Color is a measurable property, but it is also a subjective quality dependent on individual perception. And therein lies the source of the biggest headaches for color specifiers and formulators alike. How does the customer communicate, “This is the color I want”? And how does the compounder reply, “Is this color close enough?” What does the compounder do when the customer says, “No, I want it lighter, brighter, greener”?
Until recently, the only answer has been to ship physical samples—such as fabric swatches and color chips—back and forth between supplier and customer until an agreement is reached. The industry has been looking for a less cumbersome, costly, and time-consuming alternative for years. Makers of color measurement instruments and software have made several attempts at a solution, but none has caught on. So a few color compounders have taken it upon themselves to solve this puzzle. One is Techmer PM, Clinton, Tenn.(techmerpm.com). The company has used computerized color matching and QC for 25 years, but it first revealed its work on a color visualization system for communicating with customers in 2004. Called TechmerVision, that system has gradually evolved and took a major step forward in the last two years with the addition of virtual reality software from Datacolor, Lawrenceville, N.J., that shows physical representations of plastics and fabrics with realistic simulation of the way different types of ambient light interact with surface texture and gloss.
AUTOMOTIVE FIRST, THEN PACKAGING
“The automotive industry is notorious for being very demanding of its suppliers,” says John Manuck, Techmer president and CEO. “And the industry has become more complex, with suppliers all over the map—and even all over the globe—using a wide range of plastics and fabrics that must match each other. With the growth of integral coloring, those materials’ differences are no longer covered up with paint, so the probability of matching problems and metamerism issues is much higher.”
“Also, Detroit is accelerating its color development cycle. What was 36 months is maybe 18 to 24 months now,” adds Jim Harper, director of color development. “And all too often, color-fade failures are detected only after months of weathering tests. By predicting UV-stable formulations, we’re reducing color-development risk using virtual color visualization.”
Those are reasons why TechmerVision was first aimed at auto interiors. “Auto
companies have typically developed their color schemes without involving a colorant manufacturer,” says Jack Murphy, Techmer’s new automotive market manager. “But the OEMs have fewer people on staff today. We want to be involved earlier in the upfront design stages. Working with realistic-looking color samples on a computer screen helps make that possible.”
The next phase of TechmerVision will be for packaging, which has a time-sensitive seasonal and fashion component, says Harper. Movement in this direction was partly instigated by Techmer’s 2008 acquisition of Accel Color, which was heavily involved in packaging, especially closures.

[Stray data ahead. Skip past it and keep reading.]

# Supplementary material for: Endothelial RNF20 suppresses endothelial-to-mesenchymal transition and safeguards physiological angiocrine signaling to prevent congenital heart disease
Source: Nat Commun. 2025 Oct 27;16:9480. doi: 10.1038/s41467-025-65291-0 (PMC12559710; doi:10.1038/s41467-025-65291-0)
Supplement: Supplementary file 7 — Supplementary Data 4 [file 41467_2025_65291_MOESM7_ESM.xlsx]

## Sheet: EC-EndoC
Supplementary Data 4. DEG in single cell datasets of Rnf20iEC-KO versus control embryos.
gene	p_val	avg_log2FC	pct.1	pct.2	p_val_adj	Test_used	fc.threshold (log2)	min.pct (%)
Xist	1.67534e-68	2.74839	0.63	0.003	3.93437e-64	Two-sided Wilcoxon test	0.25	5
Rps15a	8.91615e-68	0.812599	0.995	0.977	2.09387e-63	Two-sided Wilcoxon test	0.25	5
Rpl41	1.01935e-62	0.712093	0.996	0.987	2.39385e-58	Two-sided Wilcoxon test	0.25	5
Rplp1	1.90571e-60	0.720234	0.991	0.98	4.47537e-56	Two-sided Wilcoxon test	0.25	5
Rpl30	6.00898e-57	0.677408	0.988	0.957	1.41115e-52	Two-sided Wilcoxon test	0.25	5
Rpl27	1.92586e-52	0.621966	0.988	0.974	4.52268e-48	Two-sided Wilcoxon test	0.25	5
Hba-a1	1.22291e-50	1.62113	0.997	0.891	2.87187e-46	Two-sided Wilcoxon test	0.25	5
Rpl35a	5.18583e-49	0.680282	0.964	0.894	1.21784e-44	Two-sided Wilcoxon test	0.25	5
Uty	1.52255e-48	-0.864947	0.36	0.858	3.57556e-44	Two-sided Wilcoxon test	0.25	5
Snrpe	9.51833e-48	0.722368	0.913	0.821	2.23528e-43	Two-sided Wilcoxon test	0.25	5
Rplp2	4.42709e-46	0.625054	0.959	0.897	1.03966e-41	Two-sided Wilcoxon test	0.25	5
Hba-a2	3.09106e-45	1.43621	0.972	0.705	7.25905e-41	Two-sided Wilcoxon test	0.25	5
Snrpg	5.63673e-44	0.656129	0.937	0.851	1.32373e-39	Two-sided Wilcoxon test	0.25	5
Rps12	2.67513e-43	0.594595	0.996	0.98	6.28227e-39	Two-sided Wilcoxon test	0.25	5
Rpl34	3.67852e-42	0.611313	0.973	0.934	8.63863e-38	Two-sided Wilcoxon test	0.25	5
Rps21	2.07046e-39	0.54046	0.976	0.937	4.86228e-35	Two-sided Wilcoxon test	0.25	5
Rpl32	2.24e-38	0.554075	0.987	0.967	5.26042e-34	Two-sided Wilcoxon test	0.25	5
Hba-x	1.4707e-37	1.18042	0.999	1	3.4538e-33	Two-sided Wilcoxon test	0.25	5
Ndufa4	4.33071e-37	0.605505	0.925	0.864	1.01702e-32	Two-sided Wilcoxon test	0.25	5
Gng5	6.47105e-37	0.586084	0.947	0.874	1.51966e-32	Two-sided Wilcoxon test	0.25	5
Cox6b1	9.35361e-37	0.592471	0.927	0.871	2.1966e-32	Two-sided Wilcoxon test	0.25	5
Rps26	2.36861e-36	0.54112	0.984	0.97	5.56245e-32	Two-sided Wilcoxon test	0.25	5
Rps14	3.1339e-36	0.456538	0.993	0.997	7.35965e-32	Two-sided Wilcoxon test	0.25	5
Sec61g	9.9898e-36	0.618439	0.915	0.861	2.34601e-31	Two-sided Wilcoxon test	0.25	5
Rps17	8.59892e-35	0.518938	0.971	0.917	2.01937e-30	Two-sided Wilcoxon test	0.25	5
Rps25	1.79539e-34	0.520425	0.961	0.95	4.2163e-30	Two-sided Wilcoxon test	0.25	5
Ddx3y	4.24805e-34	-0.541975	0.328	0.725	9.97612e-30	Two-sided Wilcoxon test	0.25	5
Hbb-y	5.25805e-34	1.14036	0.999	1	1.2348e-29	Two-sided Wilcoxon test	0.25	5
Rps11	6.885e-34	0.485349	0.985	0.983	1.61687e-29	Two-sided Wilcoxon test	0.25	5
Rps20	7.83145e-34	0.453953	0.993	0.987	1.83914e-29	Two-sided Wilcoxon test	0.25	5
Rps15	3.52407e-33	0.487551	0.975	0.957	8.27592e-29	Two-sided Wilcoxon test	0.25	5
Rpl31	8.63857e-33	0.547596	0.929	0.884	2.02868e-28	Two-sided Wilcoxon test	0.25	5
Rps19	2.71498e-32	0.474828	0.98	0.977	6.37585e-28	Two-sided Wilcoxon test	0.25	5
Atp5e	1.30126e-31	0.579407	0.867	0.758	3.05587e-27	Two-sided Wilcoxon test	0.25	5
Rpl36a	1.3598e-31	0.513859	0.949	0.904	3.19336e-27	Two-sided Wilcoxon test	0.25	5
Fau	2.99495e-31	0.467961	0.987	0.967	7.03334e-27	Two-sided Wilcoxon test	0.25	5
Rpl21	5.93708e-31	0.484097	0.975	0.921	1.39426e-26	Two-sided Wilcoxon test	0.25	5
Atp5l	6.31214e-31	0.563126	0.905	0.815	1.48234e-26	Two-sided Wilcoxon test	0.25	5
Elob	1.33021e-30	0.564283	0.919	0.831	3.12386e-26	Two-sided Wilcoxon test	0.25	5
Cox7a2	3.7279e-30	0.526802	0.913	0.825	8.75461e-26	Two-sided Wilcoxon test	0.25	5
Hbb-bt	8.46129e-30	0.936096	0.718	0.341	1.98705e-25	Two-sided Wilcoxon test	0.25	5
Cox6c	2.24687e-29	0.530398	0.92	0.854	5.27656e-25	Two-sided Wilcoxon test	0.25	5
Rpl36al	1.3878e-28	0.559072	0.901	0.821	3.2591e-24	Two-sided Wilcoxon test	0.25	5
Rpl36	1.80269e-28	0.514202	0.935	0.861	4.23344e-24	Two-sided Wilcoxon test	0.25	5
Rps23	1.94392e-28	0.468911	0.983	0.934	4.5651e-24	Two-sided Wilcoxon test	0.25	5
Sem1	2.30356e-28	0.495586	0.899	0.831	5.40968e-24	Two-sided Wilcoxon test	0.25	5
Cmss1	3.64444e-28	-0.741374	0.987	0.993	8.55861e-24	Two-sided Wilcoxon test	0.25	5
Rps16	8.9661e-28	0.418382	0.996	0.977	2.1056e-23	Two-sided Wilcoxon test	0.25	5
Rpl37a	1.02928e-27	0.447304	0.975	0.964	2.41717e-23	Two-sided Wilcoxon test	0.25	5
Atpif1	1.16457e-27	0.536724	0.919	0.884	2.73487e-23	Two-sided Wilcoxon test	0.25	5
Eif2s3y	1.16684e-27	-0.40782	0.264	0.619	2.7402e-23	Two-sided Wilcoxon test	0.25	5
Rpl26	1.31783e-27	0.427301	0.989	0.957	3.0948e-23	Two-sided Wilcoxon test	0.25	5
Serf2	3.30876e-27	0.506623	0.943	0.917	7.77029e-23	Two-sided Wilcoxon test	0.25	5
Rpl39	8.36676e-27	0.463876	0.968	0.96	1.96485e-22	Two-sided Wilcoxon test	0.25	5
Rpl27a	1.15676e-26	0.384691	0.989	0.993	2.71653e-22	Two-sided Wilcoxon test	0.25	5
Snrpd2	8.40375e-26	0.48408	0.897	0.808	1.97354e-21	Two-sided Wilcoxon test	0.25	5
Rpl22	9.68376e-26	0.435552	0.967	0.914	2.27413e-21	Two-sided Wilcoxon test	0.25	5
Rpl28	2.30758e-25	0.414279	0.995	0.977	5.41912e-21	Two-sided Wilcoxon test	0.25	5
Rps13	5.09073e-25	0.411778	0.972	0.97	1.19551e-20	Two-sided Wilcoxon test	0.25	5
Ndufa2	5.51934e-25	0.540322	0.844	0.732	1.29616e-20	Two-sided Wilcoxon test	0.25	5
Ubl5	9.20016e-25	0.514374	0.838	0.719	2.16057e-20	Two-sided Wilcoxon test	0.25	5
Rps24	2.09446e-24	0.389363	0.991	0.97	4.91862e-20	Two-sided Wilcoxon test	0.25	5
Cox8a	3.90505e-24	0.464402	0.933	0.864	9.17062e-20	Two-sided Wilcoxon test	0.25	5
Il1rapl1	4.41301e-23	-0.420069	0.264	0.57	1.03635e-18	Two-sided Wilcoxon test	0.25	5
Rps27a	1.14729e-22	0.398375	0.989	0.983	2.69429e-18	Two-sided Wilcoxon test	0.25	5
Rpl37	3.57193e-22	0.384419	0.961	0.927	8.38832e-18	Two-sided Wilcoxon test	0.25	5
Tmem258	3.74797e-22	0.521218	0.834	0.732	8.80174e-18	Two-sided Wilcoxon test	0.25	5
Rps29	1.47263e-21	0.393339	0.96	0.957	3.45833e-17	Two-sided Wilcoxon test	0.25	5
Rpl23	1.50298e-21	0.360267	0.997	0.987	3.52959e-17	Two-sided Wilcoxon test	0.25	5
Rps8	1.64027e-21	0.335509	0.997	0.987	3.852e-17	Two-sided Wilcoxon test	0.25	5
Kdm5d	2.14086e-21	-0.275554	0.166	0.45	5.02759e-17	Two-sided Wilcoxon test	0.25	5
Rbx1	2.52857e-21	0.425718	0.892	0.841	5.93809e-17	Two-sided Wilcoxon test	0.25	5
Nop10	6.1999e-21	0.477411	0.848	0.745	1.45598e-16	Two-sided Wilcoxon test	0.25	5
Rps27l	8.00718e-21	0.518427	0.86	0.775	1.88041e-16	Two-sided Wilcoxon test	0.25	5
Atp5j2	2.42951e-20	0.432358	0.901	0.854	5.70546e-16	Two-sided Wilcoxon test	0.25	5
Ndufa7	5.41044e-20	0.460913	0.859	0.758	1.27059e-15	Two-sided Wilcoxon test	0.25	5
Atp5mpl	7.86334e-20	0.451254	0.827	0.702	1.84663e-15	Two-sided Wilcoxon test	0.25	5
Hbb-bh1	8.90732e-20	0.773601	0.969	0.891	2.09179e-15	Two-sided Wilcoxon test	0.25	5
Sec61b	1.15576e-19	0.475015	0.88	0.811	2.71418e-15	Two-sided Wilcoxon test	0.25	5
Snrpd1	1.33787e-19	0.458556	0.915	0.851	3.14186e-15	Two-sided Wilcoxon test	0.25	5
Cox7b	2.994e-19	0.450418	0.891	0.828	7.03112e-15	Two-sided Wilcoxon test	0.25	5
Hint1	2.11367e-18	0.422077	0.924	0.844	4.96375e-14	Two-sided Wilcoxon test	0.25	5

HOW IT WORKS
The first step in the evolution of TechmerVision was compiling the TechmerColor database of color-measurement data on some 27,000 colors in many kinds of polymers and fabrics with different textures, illuminants, and flat and curved surfaces. “This is the product of years of data gathering, using real-world color curves from measuring actual samples,” says Harper. Next, the company generated an extensive primary library for each pigment and resin, allowing Techmer to apply its color-matching expertise to both the manufacturing process conditions and the product end-use, so as to predict an achievable formulation that can be simulated with TechmerVision.
Techmer’s initial target audience is designers at automotive OEMs and Tier 1
suppliers. Using a laptop computer, a Techmer representative can work with a customer’s color designers to select a substrate—fabric, leather, or plastic—and play around with different colors and lighting conditions. For an automotive customer, the selections would be from a specific automotive database including materials such as PET, nylon, PP, and TPO. The customer can use on-screen sliders to adjust lighting, hue, and chroma to get a desired look. The results of any slider setting are displayed in actual color-measurement units. In addition to selecting results based on color harmony and metamerism, the customer can select for non-color factors such as weatherability and cost. “Because it’s based on our real-world data, we know that any color you choose with our software actually can be made,” says Harper.
When a color is finally selected, the customer gets an actual physical color
sample to match the appearance on screen. “Theoretically, the customer could
go anywhere to get that colorant made,” says Manuck. “But there’s a lot more to it—how you make it counts. You must lot-select pigments, and so forth. We’re selling reliability and reproducibility.”
Techmer’s goal is to license its visualization software with a portion of its
color database matched to the particular customer’s industry. Techmer has licensed portions of its TechmerColor database, but has not yet licensed its visualization software. “It’s inevitable that these systems will gain more traction,” says marketing director David Turner. “Each year, we see more of the design process going digital.” With TechmerVision, Techmer expects to cut color approval times in half.